A new bill was recently proposed to Congress that, if enacted, would allow veterans to use their Post-9/11 GI Bill as collateral to obtain a small business loan.
On the surface, I like the idea. The GI Bill serves a great purpose—to help prepare veterans for life after the military. But not everyone is cut out for college, and not every job requires a degree. In fact, I’ve known many successful entrepreneurs and small business owners who either didn’t have a degree, or who started a business in a field not directly related to their degree (including yours truly; my business has nothing to do with my degree).
That’s why I find this idea intriguing. It’s also not far out of the scope of previous programs. Veterans were offered small business loans in the decade after WWII. Over 200,000 small business loans were granted during that era, and those small businesses were an integral part of the decades of prosperity that followed the war.
What are Current Entrepreneurship Options for Veterans?
There are many programs to help veterans get into entrepreneurship. But most of them only offer training. And that will only get you so far in many businesses that require startup capital.
For example, the VA currently only pays for entrepreneurship training through the Small Business Development Center (SBDC) (more info). But there aren’t many other options through the VA.
There are some grants or loans through the Small Business Administration (more info). Some states and private institutions also offer grants or loans to veterans.
Unfortunately, there is no way to tap into any GI Bill funds for many different types of entrepreneurship training, or for a loan to start, purchase, or expand a business.
Info About the Proposed Bill
The proposed bill has some checks and balances to help veterans get off on the right foot and to prevent fraud. According to Military.com:
Before a veteran could access that funding for loan collateral, the business plan would have to be vetted and approved by an independent board of business experts. The veteran would also have to attend a boots-to-business course at an accredited university.
With that done, the veteran would then apply to access the capital in their G.I. Bill as a no-interest loan to be paid back over 10 years.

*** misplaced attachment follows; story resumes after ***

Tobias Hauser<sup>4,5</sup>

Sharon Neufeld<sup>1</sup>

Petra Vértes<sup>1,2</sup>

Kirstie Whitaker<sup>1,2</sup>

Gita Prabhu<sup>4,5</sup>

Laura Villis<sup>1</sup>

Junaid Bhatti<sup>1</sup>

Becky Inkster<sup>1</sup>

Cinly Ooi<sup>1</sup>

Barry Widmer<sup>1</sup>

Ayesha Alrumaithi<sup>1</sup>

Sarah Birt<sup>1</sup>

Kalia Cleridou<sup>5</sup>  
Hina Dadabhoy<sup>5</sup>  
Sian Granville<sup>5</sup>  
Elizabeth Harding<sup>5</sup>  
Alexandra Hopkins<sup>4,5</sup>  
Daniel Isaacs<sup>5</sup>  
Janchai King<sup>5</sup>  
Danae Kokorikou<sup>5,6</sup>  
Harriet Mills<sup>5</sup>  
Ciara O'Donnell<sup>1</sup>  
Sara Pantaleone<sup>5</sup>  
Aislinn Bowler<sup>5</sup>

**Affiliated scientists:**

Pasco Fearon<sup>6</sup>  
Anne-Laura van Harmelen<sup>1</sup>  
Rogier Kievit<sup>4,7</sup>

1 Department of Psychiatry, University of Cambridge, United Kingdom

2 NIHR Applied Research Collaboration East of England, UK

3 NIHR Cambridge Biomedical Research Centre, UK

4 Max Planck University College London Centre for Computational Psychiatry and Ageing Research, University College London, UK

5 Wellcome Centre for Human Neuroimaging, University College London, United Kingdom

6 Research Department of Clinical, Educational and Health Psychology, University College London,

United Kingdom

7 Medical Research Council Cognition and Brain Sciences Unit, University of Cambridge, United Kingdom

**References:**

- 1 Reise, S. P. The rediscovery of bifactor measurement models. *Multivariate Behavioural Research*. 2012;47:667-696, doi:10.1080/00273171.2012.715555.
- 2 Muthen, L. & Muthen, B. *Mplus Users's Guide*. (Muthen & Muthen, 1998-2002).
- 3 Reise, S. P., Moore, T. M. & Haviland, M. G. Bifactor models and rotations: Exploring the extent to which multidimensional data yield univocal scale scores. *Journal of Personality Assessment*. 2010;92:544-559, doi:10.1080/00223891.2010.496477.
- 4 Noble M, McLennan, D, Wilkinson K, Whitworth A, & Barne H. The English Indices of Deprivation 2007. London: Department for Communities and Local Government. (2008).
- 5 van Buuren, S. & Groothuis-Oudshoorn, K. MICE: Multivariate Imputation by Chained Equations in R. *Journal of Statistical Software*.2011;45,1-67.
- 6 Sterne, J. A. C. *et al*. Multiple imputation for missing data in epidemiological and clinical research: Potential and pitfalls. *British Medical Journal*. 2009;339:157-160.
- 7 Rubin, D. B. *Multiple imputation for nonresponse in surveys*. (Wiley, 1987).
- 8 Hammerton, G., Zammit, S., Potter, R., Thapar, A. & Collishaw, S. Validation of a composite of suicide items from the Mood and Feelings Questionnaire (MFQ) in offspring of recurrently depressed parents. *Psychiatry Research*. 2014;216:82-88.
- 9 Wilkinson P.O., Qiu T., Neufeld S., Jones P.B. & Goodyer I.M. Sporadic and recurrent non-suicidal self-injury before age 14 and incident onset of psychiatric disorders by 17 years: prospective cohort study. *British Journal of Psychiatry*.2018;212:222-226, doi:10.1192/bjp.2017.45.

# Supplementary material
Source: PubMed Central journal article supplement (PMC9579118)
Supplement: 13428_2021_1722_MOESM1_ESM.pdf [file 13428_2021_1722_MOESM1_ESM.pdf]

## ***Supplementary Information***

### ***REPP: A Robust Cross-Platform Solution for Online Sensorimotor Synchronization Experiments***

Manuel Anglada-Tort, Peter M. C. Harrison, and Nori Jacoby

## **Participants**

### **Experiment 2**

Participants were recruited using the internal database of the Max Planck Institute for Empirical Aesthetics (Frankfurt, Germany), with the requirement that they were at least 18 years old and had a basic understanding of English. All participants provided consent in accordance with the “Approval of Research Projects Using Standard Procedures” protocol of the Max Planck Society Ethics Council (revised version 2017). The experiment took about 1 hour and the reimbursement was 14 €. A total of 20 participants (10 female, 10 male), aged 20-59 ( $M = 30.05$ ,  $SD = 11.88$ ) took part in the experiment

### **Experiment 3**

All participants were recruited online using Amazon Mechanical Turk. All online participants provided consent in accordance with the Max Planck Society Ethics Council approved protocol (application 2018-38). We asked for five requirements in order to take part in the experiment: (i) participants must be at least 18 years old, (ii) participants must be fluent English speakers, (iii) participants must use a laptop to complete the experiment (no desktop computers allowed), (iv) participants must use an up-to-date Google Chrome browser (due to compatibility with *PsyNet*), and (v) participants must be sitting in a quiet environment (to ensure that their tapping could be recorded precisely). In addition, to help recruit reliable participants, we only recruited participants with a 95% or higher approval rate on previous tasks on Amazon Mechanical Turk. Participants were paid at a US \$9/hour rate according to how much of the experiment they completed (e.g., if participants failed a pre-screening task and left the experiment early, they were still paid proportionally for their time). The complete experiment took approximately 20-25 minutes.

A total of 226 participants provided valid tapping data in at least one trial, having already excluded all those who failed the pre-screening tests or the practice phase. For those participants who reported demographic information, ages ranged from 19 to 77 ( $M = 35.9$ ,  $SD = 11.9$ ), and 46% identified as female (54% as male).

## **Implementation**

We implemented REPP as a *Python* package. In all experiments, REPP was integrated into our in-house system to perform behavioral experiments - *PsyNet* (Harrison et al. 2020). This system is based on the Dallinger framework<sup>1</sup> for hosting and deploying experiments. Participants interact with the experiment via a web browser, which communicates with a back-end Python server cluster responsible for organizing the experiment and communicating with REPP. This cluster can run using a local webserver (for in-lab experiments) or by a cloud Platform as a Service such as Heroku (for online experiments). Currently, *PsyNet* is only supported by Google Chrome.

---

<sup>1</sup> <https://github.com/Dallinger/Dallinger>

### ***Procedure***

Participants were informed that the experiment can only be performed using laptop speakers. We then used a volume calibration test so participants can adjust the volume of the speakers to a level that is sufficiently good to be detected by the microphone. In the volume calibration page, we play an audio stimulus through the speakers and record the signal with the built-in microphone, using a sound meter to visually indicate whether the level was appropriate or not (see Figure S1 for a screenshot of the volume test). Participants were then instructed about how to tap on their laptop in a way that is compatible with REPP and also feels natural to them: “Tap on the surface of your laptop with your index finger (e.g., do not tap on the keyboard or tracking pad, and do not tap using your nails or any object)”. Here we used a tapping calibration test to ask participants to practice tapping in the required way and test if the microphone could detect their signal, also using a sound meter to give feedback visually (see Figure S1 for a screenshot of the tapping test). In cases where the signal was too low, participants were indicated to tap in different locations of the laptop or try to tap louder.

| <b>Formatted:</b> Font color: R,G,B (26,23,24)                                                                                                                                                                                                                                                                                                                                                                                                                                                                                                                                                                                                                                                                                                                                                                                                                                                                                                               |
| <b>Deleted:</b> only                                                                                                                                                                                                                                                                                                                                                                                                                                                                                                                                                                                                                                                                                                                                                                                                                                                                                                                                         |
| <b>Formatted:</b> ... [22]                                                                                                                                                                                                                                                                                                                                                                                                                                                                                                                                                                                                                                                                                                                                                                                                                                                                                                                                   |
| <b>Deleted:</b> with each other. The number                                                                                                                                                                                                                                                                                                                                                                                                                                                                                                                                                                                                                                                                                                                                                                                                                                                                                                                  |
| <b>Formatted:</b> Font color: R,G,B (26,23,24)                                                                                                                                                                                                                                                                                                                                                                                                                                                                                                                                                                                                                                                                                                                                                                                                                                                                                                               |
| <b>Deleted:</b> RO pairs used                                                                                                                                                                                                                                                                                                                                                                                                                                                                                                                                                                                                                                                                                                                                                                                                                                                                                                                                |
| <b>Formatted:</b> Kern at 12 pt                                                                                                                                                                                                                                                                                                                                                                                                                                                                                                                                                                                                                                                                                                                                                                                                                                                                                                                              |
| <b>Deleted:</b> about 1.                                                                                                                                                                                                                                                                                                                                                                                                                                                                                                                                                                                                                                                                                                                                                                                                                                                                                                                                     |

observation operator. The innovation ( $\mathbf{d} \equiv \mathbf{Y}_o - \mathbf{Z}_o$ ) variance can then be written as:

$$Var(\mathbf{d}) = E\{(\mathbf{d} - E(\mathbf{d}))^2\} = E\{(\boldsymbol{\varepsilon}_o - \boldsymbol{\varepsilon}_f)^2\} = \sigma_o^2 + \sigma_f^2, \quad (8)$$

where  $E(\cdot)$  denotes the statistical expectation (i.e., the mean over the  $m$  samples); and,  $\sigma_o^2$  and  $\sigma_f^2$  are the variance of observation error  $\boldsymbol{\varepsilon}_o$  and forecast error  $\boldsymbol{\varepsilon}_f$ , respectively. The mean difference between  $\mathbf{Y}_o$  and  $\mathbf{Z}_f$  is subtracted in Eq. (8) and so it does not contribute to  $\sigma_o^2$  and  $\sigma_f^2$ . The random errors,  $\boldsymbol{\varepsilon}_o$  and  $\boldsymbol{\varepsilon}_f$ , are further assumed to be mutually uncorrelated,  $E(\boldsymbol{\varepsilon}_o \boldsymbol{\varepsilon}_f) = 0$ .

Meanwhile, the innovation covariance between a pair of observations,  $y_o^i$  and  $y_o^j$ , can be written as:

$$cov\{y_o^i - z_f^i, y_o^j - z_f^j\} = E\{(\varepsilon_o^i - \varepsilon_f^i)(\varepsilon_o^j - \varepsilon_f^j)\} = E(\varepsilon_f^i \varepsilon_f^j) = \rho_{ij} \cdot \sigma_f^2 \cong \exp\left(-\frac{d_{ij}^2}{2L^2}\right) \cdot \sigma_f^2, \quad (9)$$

I like the checks and balances in place. Handing someone a large loan without training or other approval measures would be a recipe for disaster for many people.
What Are the Long-Term Implications?
I like the idea in general, but Id like to see more details and information about the proposal.
The biggest concern I have is this is a loan, not a grant. So veterans would have to put their education benefit on the line to pay back a loan. In other words, they are trading the opportunity to receive hundreds of thousands of dollars in education benefits so they can take on debt.
- What happens if they default on the loan?
- Do they lose their GI Bill forever?
- Do they get to keep their GI Bill benefits if they repay the loan in full?
Let’s dive even deeper. Small businesses are notoriously risky. According to the Bureau of Labor Statistics (BLS), approximately half of small businesses fail within the first 5 years. There are many reasons for small businesses failing, most of which fall outside the scope of this article. So what measures are being taken to help veterans succeed beyond the initial training and approval?
- How robust is the training and mentorship program?
- Are there any ongoing training programs or resources?
What I Would Like to See
Overall, I like the idea of supporting small businesses. I’d love to see more details and see the answers to the questions raised above. And I would hope there is some form of ongoing mentoring program or access to resources.
But more than that, I’d like to see this changed to a grant instead of a loan, or possibly a hybrid grant/loan program.
The cost of offering a grant instead of a loan would certainly be much higher than using the GI Bill as collateral for a loan. But it would also better equip veterans for life on the outside, and give them a better shot at success. There would, of course, need to be checks and balances in place to prevent fraud. Otherwise, it would be too tempting for many veterans to take a quick small business course in order to cash in their GI Bill.
But the long-term costs of such a program could actually be less expensive than paying for 36 months of college benefits, which can exceed $175,000 when taking tuition, BAH, book stipends, and other costs into account.
A hybrid grant and loan option could be done for much less than $175,000. For example, a program could be constructed in a manner that would put the veteran through a several month small business or entrepreneurship course, then give them a grant and/or upon completion of the small business program and approval of their written business plan.
There are many ways this could be done. Such as a flat rate grant, or perhaps the business plan could call for x-amount of capital. This could be provided with a portion of the amount as a grant, and the other portion as a loan. Requiring part of the amount to be a loan gives the veteran some skin in the game and incentive to be successful. And giving part of the amount as a grant could both save the government money and help the veteran more easily succeed. And it might just drive a better return on investment for the veteran and the overall economy.
I’d love to hear your thoughts on this topic.